Why Travel to Yalta, Ukraine?

Why Travel to Yalta, Ukraine?


Once a Black Sea playground for Russian Tsars, Yalta has turned into a summer haven for Russian and European travelers.

Below is a video I shot during a trip to Yalta:


Yalta has no airport, so some combination of planes, trains, buses and taxis will be needed to get you there. Flying into Kiev is a must. From there, most travelers then fly to Simferopol (the capital of the Crimean peninsula). And finally, from Simferopol they take either a bus or a taxi down to Yalta.


As always, my preferred option is to rent an apartment instead of a hotel in Yalta. You simply get much more bang for your buck. (Or for your grivna, I should say.) That being said, if money is absolutely no object (i.e., you don’t mind paying $500/night for your room), then by all means, check out Yalta’s 5  star properties like the Villa Elena or Villa Sofia.
yalta hotel SOFIA 1

But for good apartments at under $100/night, in great locations near the boardwalk, just do a search for “Yalta apartments” and take your pick of websites. I prefer this one, which is clearly run by locals who specialize exclusively in Yalta properties: http://apartmentyalta.com/


As with the restaurants and cafes on Kiev’s main drag called Kreshatik Street, I’ve never been impressed by the food along Yalta’s boardwalk. It’s a sad truth that the best food there seems to be the McD’s at either end of the strip. As with so many touristy cities, the best food is usually a bit removed from the high traffic areas. My favorite restaurant in Yalta is ПИНТА (Pinta).
They have two locations, but the only one I’ve been to is on Pushkinskaya Street, #7. (See map.)
It’s a fun pub, often with music, and good food at reasonable prices. (For example, ten bucks for the grilled salmon is a good deal.) I’ve heard great things about The Grand terrace (also at the above-mentioned Villa Elana) but I’ve ever been there.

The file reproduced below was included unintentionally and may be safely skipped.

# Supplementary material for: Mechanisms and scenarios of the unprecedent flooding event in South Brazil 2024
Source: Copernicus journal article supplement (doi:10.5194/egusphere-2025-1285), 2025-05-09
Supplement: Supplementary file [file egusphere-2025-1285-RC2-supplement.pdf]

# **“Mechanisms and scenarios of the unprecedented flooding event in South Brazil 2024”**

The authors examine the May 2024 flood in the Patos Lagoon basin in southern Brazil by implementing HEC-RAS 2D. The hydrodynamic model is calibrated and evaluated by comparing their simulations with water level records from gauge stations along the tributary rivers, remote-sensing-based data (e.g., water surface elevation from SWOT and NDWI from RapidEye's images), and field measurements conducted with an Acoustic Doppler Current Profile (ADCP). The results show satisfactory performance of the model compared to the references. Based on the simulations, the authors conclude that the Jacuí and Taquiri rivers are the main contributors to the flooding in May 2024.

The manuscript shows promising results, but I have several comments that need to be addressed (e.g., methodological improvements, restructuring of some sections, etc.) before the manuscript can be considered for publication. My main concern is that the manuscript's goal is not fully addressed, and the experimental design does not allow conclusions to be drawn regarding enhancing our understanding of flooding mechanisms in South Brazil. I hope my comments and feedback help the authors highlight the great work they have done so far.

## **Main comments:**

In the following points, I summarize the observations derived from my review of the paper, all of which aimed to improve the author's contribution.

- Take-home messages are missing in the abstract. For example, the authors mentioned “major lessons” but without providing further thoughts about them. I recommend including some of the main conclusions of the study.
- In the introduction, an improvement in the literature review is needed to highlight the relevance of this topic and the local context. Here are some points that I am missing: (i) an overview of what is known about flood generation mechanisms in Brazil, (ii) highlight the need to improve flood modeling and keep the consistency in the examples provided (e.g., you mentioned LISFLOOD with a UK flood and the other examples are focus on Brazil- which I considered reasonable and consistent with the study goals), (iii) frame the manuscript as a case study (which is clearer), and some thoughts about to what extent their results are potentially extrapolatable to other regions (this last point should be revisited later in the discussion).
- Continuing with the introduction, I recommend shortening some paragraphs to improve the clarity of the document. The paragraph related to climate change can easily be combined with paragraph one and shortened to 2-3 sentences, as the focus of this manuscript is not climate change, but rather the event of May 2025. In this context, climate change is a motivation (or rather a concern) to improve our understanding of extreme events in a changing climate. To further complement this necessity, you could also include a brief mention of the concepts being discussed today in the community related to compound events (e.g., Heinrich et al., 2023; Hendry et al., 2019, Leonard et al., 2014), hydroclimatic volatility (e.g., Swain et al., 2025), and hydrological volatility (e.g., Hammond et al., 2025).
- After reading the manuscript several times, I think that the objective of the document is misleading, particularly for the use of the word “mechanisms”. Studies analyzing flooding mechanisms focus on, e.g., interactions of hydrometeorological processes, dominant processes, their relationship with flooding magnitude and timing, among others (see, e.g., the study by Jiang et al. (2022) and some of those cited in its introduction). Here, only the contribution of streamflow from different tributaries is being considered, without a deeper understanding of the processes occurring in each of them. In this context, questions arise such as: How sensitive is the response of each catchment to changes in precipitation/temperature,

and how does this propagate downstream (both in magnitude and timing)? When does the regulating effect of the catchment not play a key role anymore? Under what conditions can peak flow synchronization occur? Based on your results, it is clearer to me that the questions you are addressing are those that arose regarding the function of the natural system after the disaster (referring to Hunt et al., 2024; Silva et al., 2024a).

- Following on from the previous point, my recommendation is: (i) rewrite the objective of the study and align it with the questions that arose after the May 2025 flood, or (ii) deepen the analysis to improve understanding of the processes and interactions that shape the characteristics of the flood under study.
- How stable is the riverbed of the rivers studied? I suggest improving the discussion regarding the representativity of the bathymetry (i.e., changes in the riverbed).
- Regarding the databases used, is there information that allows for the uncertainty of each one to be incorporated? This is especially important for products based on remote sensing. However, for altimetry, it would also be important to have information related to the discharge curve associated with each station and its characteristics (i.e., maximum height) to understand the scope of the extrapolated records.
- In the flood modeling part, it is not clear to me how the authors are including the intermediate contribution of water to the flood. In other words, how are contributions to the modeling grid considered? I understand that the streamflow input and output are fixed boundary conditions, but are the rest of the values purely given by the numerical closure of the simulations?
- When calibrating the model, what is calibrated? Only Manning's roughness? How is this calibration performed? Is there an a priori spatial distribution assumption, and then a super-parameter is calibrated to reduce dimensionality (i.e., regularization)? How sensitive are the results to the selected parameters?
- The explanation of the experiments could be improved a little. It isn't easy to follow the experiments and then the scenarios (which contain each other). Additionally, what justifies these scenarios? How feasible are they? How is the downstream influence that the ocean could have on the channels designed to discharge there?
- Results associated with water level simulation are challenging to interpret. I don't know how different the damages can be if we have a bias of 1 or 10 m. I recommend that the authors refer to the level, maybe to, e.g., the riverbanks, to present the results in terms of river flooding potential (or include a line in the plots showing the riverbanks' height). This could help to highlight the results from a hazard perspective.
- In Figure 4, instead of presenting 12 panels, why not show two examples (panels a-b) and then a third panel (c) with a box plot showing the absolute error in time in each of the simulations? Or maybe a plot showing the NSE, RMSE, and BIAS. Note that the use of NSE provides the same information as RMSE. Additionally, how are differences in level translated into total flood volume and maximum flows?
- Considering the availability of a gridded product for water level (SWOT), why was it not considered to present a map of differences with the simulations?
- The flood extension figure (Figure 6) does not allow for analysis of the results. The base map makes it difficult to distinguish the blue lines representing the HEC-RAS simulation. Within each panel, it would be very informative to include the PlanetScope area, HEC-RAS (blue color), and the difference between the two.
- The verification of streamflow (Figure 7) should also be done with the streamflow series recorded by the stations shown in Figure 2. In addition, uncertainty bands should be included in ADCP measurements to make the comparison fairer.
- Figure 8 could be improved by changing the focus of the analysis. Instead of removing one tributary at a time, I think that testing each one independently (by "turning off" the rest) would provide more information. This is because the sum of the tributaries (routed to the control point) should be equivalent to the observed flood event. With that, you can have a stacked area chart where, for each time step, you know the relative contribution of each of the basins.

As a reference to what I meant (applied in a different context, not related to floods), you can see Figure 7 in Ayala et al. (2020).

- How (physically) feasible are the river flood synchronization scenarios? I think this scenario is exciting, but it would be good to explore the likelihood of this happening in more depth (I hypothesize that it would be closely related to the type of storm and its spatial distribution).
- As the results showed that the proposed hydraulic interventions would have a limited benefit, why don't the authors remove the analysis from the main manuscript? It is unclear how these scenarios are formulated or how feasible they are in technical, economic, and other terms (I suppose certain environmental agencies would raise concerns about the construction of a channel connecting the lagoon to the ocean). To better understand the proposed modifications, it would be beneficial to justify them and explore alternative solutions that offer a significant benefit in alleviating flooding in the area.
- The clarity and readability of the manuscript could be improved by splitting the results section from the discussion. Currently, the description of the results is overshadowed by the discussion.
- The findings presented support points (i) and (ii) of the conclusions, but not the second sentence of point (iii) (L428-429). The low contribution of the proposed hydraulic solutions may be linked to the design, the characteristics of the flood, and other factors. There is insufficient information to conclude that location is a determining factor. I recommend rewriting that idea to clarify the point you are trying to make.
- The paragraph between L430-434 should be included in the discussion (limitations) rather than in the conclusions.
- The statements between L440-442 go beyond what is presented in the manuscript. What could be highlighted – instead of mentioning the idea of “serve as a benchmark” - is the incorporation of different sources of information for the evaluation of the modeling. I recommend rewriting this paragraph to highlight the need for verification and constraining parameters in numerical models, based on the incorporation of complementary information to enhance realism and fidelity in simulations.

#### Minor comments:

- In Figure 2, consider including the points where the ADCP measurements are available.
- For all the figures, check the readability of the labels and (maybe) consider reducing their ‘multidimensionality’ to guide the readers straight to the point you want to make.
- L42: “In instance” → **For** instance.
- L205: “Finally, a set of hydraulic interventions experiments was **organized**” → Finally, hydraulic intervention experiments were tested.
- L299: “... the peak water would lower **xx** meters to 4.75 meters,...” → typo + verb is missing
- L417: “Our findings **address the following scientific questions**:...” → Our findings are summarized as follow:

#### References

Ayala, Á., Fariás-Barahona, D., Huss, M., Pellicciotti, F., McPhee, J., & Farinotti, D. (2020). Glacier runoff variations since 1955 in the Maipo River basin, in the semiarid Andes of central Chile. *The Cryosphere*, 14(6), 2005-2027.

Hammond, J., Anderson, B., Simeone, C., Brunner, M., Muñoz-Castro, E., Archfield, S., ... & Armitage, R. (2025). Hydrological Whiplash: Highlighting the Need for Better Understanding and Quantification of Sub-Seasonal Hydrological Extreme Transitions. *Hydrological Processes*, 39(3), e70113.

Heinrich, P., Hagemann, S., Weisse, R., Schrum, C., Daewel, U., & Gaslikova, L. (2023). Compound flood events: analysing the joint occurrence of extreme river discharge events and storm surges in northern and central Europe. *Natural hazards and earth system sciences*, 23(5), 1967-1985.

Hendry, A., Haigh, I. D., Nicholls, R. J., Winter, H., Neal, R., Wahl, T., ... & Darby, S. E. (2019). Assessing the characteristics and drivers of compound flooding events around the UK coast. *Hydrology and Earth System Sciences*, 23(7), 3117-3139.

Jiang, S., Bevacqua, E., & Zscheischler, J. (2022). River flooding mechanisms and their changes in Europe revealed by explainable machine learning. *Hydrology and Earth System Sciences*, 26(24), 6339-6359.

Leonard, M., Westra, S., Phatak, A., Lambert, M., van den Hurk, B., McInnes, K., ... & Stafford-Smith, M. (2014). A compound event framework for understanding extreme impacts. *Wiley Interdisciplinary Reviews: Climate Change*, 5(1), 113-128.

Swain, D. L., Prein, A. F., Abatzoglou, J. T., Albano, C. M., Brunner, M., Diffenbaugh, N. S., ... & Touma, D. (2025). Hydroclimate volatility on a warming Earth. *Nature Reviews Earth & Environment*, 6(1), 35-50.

Yalta’s local transportation is the same as most Russian and Ukrainian cities. The very cheapest route are the trolleybuses. The next level are the minivans and buses (collectively called marshrutki) for twice the price of the trolleys. (We’re still talking pennies per ride in either case.) And then, of course, taxis. And the standard caveat applies in Yalta as elsewhere: Only use taxis with meters. And if you speak no Russian, ask a hotel employee to hail one for you.


Boardwalk: Constantly crowded in the summer, Yalta’s boardwalk is the heart of their tourist center.

Walk slowly, though. For one, it’s not all that long, so stroll, window shop and enjoy. And secondly: There are lots of people on roller-blades. Moving slowly let’s them race safely past you. Most evenings the boardwalk is also cluttered with street performers putting on a variety of shows…with a variety of inherent talent. (At the low end of the spectrum is the guy with the guitar who stands still until someone pays him and then he literally screams for a moment and makes noise on his instrument.)  (See our Yalta video.)